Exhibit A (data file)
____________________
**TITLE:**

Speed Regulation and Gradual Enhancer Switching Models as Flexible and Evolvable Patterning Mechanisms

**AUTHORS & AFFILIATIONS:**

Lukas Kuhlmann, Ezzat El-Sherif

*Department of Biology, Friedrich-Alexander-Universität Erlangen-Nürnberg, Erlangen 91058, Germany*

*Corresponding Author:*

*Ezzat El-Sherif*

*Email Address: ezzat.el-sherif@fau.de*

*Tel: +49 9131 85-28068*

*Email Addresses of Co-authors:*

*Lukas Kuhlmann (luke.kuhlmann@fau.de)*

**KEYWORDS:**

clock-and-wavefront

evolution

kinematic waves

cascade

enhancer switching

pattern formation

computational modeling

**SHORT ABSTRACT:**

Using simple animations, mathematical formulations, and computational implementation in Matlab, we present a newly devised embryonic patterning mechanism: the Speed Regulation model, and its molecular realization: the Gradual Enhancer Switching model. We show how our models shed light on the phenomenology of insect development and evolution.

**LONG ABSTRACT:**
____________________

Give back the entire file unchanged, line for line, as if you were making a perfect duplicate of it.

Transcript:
**TITLE:**

Speed Regulation and Gradual Enhancer Switching Models as Flexible and Evolvable Patterning Mechanisms

**AUTHORS & AFFILIATIONS:**

Lukas Kuhlmann, Ezzat El-Sherif

*Department of Biology, Friedrich-Alexander-Universität Erlangen-Nürnberg, Erlangen 91058, Germany*

*Corresponding Author:*

*Ezzat El-Sherif*

*Email Address: ezzat.el-sherif@fau.de*

*Tel: +49 9131 85-28068*

*Email Addresses of Co-authors:*

*Lukas Kuhlmann (luke.kuhlmann@fau.de)*

**KEYWORDS:**

clock-and-wavefront

evolution

kinematic waves

cascade

enhancer switching

pattern formation

computational modeling

**SHORT ABSTRACT:**

Using simple animations, mathematical formulations, and computational implementation in Matlab, we present a newly devised embryonic patterning mechanism: the Speed Regulation model, and its molecular realization: the Gradual Enhancer Switching model. We show how our models shed light on the phenomenology of insect development and evolution.

**LONG ABSTRACT:**